- Are the retirement account contributions pre-tax or post-tax?
- Are the retirement account distributions expected to be tax-free?
- Is there a 10% early withdrawal penalty from a retirement distribution?
- Is there potential for long-term capital gain tax rates and qualified dividend rates?
Going the Extra Mile With Additional Tax Efficiencies
Betterment can help you be a smarter investor, because we offer additional features — at no extra cost — to help you minimize taxes so that you can maximize your money. Tax-Coordinated Portfolio can help increase your overall returns if you are investing in multiple types of investment accounts, because it allocates your assets within each account type as tax-efficiently as possible. Tax Loss Harvesting+ can be used to capture losses during market declines so that you can use them to help offset future gains or even lower your tax bracket. Learn more about how Betterment helps you maximize your after-tax returns. Betterment is a financial advisor, not a tax advisor—consult a tax advisor or IRS resources for additional guidance.
Within a Betterment account, we can provide additional advice regarding which accounts you should be funding and in what order. You can even sync up your 401(k)s and other accounts to see an overall picture your finances. Get started or log in to complete your retirement plan and see personalized savings advice.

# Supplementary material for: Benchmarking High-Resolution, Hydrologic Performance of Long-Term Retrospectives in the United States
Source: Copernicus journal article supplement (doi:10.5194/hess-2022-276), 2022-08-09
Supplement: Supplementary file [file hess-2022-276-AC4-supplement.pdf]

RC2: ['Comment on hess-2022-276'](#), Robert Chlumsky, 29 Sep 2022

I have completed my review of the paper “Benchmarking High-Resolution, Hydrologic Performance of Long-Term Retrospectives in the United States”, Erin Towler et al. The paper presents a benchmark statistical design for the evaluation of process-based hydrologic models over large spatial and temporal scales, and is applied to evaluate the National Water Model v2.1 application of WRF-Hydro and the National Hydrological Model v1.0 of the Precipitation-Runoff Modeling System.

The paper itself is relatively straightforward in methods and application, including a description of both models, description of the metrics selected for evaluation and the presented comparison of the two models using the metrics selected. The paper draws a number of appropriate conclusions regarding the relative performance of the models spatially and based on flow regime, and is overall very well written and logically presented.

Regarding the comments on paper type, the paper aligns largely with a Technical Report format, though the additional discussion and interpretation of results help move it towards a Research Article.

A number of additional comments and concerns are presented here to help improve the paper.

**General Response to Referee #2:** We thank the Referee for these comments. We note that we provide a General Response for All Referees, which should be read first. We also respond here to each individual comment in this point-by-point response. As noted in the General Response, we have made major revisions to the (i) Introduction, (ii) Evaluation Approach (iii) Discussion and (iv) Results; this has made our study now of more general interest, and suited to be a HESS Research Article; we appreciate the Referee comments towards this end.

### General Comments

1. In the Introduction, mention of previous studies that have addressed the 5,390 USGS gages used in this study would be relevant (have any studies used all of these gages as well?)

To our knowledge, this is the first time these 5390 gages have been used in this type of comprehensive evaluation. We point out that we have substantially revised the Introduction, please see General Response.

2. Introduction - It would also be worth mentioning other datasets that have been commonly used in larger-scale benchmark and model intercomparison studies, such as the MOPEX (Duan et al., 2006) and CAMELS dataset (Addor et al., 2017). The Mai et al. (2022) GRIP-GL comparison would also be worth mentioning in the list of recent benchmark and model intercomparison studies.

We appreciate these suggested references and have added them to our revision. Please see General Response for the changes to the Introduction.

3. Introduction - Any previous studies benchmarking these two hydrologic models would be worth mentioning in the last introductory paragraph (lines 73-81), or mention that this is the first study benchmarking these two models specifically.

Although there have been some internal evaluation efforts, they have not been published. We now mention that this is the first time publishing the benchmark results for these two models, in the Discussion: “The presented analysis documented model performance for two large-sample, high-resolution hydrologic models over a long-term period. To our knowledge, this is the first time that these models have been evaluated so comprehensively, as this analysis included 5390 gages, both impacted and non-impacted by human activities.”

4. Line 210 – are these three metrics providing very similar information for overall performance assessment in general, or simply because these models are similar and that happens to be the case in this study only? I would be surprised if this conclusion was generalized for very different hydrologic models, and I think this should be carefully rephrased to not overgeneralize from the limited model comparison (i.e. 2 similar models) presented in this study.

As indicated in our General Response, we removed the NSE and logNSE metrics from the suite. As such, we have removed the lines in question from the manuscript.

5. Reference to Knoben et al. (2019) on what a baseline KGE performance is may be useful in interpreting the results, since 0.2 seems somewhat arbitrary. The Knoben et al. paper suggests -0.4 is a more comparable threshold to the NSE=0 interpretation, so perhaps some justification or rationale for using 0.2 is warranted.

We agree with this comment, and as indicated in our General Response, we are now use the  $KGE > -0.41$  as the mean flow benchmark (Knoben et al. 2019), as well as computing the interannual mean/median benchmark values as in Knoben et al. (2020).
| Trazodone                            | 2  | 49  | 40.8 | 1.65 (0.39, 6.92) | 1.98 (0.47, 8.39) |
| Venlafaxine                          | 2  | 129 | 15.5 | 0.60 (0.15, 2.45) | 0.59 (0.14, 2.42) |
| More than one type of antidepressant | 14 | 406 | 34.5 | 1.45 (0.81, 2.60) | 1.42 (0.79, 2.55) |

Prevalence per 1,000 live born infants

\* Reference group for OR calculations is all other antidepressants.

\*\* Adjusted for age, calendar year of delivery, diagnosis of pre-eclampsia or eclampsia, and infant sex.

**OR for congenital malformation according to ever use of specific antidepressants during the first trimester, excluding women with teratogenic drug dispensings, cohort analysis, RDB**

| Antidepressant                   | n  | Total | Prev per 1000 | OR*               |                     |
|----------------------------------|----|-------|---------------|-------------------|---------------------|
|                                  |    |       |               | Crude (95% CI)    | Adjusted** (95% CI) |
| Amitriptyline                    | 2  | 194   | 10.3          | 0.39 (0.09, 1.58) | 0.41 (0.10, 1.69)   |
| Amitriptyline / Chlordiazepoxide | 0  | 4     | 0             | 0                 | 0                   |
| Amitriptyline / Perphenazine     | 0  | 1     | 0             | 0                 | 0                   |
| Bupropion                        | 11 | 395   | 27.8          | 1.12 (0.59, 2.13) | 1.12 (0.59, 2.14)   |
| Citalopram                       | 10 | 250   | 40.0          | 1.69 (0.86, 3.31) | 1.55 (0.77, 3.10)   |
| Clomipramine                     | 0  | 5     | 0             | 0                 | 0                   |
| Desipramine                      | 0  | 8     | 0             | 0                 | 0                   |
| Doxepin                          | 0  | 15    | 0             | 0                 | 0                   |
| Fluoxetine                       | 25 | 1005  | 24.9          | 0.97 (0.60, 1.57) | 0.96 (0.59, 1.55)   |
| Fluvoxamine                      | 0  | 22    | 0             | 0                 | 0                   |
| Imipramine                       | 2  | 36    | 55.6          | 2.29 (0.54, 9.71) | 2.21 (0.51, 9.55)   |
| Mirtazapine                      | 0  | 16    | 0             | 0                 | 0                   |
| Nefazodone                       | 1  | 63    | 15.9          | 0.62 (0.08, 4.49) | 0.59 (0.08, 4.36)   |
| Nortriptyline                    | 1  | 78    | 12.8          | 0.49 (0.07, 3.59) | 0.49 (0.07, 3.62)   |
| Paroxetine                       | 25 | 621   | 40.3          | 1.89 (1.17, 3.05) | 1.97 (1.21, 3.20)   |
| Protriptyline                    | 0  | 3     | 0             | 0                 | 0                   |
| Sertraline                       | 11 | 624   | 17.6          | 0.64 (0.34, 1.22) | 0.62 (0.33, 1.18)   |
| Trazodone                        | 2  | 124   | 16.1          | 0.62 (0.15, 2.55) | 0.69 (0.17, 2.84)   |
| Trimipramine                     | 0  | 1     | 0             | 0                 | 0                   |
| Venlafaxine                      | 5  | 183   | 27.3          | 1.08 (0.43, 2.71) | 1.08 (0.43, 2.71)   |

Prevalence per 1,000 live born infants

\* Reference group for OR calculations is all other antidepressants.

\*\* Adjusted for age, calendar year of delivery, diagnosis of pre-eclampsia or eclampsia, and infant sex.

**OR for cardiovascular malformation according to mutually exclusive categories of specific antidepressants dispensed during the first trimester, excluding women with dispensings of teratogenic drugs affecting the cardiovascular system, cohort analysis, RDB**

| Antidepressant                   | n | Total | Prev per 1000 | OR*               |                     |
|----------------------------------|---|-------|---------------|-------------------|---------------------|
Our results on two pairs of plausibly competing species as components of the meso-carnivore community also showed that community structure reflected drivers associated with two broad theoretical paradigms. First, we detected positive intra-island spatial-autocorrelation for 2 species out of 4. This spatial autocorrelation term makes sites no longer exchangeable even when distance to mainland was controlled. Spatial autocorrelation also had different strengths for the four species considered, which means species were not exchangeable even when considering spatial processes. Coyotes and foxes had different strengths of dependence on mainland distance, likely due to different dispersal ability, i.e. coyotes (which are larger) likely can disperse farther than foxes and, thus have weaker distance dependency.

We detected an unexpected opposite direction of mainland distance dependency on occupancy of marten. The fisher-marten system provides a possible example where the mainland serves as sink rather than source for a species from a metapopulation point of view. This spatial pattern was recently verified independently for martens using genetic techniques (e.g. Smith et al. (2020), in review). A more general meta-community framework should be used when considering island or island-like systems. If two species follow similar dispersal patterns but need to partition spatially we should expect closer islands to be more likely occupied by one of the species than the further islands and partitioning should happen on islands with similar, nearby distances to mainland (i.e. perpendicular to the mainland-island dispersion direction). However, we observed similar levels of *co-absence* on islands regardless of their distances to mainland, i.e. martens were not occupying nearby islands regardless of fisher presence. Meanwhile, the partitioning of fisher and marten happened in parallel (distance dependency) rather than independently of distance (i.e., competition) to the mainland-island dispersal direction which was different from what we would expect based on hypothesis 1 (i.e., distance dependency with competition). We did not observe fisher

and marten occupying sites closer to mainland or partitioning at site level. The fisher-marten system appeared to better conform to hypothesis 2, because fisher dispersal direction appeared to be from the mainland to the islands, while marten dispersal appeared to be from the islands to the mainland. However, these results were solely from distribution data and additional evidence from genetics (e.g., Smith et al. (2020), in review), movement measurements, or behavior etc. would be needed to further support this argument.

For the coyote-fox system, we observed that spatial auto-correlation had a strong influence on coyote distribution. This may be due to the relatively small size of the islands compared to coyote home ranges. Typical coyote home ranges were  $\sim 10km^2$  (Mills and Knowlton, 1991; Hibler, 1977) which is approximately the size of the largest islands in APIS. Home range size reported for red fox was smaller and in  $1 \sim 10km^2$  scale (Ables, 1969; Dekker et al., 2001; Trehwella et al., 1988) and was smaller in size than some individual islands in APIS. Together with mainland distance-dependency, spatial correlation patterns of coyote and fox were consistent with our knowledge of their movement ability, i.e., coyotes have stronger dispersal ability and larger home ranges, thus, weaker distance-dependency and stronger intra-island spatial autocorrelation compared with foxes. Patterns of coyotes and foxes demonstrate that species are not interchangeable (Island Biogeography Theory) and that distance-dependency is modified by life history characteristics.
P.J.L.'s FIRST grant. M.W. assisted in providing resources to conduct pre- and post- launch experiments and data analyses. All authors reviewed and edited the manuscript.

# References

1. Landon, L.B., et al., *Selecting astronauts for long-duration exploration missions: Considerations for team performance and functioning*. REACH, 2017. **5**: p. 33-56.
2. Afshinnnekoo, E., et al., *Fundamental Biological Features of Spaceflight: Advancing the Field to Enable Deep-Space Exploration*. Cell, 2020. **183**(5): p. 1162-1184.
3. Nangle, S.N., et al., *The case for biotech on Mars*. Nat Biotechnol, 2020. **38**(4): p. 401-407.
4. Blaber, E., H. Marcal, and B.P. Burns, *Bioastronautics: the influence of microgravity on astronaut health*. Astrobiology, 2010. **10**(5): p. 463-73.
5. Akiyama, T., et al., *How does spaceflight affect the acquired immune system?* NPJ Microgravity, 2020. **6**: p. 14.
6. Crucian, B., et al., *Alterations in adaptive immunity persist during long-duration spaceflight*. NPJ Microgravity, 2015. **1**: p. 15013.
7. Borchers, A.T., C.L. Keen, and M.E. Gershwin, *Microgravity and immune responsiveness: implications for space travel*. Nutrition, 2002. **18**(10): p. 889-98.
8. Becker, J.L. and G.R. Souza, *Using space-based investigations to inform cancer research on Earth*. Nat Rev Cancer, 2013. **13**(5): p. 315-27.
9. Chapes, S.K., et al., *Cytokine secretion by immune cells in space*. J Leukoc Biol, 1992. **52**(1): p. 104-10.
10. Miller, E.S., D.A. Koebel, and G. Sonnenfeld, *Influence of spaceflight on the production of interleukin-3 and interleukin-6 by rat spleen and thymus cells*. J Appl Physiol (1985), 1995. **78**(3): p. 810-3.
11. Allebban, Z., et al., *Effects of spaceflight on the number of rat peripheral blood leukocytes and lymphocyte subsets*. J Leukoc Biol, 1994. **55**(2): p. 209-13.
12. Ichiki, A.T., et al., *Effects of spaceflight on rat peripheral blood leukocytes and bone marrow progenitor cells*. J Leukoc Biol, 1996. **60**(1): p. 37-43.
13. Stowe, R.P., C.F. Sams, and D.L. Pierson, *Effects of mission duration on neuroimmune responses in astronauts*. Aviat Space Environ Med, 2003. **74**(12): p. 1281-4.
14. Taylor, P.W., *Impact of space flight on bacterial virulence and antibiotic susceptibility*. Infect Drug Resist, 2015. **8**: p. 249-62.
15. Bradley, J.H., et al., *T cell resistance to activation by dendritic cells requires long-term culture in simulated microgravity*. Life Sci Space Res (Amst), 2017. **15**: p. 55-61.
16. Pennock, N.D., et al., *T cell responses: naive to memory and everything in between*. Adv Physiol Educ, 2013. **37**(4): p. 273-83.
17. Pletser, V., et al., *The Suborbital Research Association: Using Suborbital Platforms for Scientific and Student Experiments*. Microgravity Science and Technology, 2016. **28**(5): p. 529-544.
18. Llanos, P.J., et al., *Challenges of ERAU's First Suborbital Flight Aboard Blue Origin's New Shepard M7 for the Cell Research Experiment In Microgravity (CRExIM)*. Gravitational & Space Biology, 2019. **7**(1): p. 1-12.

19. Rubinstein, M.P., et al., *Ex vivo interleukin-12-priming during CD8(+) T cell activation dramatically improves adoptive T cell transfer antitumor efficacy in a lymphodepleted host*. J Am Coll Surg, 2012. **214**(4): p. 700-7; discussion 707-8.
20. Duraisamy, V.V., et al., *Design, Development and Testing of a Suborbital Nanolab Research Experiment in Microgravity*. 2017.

Using Investment Goals at Betterment
Goal-based investing. The idea is prized among financial advisors—and our team at Betterment—but to the everyday investor, it’s often difficult to put into practice.
Is Betterment Worth It? Estimating the Added Value of a Robo-Advisor
Based on our estimation, using Betterment’s retirement recommendations could earn you 38.8% more after-tax money in retirement compared to investing on your own.
Tax Deductions: Reading Between the Lines
Tax deductions can lower the amount of income that you end up paying taxes on. We’ll highlight popular above-the-line deductions and below-the-line deductions you may want to consider.
Explore your first goal
This is a great place to start—an emergency fund for life's unplanned hiccups. A safety net is a conservative portfolio.
Whether it's a long way off or just around the corner, we'll help you save for the retirement you deserve.
If you want to invest and build wealth over time, then this is the goal for you. This is an excellent goal type for unknown future needs or money you plan to pass to future generations.